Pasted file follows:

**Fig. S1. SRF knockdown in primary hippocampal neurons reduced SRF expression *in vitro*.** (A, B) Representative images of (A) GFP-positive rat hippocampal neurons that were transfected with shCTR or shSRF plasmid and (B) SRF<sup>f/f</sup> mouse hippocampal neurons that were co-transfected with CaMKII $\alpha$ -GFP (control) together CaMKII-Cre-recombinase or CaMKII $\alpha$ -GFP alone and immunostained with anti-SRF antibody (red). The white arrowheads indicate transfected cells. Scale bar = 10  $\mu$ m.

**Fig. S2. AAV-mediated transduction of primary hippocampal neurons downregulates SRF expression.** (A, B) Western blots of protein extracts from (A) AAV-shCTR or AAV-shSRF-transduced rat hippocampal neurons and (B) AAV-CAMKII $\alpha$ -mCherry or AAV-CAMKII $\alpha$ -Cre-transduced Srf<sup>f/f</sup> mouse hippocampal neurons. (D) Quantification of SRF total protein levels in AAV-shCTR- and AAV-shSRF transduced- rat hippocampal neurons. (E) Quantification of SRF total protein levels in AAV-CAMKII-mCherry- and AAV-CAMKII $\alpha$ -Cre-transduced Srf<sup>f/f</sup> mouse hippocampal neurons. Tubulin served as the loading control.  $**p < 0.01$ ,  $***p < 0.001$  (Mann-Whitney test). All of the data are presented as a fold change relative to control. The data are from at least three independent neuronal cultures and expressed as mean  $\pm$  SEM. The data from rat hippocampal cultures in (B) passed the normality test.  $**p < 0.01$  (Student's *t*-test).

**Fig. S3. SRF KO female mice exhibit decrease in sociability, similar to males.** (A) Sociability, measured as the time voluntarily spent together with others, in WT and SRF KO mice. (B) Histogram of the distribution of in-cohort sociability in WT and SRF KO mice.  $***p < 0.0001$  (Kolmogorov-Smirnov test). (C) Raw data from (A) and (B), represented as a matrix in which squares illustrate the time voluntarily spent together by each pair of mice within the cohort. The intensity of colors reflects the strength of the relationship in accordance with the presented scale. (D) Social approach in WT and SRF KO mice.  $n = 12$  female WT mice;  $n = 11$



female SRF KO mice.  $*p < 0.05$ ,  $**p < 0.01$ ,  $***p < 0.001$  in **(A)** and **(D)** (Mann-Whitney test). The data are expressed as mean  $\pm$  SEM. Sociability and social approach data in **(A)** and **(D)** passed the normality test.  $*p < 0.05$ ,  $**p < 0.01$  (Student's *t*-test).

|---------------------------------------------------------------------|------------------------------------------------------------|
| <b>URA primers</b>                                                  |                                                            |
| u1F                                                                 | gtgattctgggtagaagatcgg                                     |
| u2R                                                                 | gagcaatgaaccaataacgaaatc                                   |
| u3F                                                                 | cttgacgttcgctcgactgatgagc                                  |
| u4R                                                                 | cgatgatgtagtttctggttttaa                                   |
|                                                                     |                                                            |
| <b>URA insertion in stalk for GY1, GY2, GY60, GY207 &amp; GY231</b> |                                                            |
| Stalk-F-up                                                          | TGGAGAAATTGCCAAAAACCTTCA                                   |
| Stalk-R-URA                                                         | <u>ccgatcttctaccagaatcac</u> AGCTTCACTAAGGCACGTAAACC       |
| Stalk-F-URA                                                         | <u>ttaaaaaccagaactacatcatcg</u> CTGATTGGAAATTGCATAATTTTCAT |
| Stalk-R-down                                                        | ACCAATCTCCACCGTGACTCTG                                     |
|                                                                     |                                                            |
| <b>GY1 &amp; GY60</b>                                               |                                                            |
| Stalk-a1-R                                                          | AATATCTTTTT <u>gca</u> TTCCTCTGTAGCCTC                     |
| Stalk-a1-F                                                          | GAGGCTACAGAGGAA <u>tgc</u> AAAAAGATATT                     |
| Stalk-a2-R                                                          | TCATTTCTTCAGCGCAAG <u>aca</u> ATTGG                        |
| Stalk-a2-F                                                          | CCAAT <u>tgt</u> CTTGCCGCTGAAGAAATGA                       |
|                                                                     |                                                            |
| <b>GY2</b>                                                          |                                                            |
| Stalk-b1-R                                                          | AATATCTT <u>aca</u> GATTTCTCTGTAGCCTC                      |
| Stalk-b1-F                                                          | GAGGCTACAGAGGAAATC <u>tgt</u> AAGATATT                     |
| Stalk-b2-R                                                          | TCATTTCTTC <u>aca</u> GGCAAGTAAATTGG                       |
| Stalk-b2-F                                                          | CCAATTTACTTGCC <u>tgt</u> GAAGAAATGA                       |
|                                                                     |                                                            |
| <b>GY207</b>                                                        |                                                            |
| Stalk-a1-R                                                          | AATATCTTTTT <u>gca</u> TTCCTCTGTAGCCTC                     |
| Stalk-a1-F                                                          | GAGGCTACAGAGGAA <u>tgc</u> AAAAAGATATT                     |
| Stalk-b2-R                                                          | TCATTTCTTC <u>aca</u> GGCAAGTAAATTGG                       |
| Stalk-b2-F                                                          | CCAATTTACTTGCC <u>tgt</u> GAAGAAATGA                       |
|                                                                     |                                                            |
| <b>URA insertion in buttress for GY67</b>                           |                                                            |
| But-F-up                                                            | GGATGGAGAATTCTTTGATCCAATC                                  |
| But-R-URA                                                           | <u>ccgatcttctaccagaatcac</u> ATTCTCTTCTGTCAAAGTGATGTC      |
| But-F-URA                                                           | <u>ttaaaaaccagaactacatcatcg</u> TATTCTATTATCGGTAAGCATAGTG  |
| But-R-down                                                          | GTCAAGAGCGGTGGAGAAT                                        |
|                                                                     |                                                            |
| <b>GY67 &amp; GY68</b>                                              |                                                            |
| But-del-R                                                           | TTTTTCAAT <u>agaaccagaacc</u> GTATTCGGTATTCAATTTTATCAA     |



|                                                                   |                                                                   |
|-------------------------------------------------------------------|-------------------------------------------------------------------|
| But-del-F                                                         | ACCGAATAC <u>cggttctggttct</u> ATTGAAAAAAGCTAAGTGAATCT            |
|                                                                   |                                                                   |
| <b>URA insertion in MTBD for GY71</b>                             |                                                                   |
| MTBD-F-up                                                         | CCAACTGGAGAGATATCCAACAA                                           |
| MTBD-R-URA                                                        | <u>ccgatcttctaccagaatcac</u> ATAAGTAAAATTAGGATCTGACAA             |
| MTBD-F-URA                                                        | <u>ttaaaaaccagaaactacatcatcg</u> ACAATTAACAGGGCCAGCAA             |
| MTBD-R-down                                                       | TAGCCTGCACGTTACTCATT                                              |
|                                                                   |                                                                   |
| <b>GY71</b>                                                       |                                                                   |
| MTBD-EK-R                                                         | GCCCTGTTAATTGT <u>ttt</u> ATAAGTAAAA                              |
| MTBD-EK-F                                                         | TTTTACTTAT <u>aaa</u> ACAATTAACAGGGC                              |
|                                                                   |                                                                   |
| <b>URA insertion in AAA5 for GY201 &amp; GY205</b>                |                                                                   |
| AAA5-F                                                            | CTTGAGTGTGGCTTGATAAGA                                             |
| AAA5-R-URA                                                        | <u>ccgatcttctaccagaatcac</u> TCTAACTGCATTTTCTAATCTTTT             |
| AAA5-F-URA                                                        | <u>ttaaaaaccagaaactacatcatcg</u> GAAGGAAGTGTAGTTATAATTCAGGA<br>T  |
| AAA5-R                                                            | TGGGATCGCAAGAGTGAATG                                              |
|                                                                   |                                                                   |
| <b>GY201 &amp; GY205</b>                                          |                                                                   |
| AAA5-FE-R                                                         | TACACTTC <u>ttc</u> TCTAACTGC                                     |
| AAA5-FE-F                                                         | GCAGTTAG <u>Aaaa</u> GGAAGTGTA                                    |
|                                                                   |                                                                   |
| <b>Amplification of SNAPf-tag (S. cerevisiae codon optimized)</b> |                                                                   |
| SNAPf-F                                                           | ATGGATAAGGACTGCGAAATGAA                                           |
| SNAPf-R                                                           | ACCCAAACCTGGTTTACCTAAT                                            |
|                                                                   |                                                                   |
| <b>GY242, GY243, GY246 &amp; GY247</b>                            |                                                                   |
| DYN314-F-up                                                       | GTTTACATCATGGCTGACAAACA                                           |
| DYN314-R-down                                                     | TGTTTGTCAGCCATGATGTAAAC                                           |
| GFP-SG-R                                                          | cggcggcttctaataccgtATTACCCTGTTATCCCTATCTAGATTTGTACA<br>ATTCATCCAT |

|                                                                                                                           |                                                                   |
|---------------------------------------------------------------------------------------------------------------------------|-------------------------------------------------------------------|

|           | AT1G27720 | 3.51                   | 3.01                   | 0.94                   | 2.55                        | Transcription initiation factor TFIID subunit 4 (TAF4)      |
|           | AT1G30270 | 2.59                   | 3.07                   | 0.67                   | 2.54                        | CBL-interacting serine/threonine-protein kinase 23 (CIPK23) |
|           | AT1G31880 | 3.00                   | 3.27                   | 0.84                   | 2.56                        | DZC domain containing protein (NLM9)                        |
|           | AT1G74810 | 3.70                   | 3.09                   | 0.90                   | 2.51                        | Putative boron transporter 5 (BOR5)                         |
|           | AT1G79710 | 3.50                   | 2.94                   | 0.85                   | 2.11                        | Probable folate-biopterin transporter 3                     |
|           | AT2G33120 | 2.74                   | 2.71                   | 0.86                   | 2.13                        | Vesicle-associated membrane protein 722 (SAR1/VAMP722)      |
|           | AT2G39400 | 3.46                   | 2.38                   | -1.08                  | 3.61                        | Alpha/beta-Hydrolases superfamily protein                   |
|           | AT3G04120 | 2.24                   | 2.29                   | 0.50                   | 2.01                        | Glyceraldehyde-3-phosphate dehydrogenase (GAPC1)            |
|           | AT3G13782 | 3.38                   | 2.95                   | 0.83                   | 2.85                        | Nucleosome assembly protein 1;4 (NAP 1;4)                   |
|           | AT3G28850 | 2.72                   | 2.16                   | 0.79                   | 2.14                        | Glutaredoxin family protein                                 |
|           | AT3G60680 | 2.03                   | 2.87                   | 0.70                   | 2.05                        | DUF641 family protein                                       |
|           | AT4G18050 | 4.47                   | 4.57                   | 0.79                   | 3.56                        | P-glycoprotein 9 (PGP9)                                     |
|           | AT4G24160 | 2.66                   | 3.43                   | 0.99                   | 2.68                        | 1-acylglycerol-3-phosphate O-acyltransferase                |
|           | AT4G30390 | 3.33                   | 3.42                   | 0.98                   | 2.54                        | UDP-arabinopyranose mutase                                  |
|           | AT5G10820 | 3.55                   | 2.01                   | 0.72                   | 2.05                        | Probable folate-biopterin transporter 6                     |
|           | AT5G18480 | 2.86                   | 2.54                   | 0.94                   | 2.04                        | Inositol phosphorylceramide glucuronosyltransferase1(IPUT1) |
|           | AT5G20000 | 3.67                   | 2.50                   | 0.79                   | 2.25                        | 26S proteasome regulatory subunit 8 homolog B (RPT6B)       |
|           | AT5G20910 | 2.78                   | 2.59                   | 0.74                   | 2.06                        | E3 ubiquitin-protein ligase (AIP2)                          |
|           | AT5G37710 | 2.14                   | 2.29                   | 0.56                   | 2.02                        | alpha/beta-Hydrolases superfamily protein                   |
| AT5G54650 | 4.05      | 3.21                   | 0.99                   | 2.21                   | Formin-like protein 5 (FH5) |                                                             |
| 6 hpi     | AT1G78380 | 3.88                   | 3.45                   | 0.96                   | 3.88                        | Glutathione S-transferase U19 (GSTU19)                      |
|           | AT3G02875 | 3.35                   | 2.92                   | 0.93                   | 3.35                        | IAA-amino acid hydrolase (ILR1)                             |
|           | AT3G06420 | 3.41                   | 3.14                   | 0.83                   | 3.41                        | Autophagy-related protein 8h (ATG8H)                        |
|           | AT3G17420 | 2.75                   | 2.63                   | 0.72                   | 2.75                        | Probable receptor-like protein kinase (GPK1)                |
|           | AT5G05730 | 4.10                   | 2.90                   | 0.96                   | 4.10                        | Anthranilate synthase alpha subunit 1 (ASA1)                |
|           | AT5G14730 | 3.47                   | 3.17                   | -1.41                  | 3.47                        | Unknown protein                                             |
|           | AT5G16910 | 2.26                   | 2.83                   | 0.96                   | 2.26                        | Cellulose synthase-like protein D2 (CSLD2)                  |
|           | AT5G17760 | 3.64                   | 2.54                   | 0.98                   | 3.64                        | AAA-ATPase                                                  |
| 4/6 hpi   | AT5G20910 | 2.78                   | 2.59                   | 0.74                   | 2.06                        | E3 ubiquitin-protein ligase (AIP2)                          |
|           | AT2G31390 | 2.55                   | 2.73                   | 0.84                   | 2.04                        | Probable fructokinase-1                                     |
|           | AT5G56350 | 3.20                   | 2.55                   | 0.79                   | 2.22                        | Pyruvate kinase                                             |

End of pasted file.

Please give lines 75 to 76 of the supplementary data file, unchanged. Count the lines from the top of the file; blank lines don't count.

| GFP-SG-R                                                          | cggcggcttctaataccgtATTACCCTGTTATCCCTATCTAGATTTGTACA<br>ATTCATCCAT |

|                                                                                                                           |                                                                   |